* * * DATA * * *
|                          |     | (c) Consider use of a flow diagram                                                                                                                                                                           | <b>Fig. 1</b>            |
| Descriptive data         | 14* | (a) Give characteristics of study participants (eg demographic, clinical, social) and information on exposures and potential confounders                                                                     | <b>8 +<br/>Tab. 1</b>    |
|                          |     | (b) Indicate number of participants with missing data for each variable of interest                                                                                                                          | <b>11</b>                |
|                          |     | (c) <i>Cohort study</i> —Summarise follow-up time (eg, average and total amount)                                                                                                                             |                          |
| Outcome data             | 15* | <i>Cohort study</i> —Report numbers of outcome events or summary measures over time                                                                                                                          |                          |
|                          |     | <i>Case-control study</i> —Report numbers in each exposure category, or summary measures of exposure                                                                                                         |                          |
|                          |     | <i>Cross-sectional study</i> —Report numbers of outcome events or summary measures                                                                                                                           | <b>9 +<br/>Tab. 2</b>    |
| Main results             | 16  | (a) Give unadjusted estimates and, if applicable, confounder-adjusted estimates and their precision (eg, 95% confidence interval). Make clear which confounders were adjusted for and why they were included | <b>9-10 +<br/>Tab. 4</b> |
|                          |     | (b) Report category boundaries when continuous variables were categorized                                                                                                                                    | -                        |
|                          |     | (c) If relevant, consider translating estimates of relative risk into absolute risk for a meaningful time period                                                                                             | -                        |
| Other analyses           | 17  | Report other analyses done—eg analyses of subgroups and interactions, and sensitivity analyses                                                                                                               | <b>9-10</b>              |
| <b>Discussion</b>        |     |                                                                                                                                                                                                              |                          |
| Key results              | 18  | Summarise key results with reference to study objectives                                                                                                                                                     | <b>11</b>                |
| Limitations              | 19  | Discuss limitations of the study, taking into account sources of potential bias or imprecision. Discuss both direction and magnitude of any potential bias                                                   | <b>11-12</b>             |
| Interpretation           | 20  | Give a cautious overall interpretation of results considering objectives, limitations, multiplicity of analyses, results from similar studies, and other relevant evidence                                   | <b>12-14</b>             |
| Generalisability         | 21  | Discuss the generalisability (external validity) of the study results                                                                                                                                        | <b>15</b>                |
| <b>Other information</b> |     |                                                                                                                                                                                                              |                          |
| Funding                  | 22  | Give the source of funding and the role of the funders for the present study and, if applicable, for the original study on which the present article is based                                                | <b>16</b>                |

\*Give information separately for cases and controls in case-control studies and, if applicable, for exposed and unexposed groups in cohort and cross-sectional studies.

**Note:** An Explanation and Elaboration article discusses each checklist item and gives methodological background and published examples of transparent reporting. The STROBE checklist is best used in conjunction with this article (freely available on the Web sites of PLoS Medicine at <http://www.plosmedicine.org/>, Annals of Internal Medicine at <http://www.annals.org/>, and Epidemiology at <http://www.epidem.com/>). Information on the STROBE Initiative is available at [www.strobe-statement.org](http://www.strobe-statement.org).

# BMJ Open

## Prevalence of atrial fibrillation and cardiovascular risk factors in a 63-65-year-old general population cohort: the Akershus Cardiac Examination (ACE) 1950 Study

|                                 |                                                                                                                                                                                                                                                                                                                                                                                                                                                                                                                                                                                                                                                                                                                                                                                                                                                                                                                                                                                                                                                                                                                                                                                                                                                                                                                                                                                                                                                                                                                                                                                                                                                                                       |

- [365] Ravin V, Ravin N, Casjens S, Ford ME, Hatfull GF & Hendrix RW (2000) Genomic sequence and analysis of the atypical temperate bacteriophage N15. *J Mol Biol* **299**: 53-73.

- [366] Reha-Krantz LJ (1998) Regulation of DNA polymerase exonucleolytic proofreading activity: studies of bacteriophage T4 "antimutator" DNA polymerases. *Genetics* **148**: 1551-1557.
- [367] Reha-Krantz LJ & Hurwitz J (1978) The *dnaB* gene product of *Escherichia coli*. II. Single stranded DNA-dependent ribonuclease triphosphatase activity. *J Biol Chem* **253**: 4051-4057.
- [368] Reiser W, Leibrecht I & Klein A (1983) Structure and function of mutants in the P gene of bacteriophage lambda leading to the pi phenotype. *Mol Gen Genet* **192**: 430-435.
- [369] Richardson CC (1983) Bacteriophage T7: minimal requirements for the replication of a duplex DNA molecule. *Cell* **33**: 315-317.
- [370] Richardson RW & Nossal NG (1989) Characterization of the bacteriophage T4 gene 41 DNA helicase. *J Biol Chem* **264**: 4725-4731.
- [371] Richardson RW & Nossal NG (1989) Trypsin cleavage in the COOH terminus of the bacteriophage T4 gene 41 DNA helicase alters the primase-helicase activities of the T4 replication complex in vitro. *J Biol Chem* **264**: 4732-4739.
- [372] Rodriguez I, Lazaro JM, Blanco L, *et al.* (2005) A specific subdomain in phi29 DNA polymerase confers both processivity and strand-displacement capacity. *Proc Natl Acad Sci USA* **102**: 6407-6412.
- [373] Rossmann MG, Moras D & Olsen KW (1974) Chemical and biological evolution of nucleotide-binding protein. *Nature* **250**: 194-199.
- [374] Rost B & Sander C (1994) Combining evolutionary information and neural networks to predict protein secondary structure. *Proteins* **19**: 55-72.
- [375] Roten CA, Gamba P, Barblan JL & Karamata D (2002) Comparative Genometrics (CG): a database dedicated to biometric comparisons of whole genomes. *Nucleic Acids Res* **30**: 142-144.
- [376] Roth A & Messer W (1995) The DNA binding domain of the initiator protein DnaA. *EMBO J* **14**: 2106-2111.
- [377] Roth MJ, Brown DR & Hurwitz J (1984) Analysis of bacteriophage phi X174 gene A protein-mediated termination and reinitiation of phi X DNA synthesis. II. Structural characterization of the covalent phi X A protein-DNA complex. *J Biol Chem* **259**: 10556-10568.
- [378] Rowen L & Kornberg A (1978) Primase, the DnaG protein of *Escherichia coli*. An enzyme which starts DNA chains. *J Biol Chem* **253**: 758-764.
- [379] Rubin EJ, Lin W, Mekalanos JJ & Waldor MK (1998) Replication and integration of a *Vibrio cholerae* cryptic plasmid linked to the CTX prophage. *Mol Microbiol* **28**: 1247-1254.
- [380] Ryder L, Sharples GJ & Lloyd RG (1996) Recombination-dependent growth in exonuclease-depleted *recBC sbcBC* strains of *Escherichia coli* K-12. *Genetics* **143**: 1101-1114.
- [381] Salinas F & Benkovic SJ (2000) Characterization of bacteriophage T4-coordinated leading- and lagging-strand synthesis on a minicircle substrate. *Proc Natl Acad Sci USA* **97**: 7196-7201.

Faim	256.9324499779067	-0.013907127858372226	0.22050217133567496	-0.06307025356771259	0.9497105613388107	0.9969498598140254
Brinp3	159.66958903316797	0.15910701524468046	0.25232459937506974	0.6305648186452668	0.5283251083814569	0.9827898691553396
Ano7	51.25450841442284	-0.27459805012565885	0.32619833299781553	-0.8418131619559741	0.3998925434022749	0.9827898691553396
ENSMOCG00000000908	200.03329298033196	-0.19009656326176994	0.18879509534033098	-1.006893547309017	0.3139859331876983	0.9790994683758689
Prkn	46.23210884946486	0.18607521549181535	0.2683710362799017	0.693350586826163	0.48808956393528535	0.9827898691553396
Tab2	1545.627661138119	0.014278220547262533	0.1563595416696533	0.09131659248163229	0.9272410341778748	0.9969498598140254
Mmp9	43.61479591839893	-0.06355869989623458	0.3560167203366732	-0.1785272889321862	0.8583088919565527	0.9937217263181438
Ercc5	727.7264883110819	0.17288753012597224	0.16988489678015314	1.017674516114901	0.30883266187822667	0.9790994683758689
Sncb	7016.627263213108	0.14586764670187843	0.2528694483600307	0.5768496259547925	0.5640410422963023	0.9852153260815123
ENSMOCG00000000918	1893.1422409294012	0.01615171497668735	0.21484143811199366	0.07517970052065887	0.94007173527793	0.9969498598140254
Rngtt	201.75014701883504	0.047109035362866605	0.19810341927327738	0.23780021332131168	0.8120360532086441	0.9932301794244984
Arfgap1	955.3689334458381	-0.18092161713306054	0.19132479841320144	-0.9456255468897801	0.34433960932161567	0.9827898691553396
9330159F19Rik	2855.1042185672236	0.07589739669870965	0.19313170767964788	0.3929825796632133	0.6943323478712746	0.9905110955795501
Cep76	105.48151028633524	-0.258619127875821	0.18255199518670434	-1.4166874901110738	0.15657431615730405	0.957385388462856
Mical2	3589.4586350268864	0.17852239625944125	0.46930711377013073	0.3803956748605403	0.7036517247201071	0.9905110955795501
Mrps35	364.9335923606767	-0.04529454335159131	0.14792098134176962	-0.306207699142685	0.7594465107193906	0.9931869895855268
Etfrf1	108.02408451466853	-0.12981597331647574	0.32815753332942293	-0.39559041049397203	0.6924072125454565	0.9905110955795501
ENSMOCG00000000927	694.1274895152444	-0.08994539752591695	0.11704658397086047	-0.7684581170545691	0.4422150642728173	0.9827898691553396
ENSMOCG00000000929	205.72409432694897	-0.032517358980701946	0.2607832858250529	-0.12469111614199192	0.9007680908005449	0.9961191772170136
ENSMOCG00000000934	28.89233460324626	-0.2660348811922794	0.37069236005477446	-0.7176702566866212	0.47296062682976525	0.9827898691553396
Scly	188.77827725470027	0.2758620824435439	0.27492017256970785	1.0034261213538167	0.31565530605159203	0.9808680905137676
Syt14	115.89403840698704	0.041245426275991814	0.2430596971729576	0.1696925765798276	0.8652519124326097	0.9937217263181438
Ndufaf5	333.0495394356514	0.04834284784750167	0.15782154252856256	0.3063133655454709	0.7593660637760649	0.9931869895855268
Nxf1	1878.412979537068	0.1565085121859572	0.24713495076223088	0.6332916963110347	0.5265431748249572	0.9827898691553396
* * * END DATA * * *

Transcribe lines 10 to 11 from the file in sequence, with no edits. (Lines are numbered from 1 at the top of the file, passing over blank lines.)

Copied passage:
|                          |     | (c) If relevant, consider translating estimates of relative risk into absolute risk for a meaningful time period                                                                                             | -                        |
| Other analyses           | 17  | Report other analyses done—eg analyses of subgroups and interactions, and sensitivity analyses                                                                                                               | <b>9-10</b>              |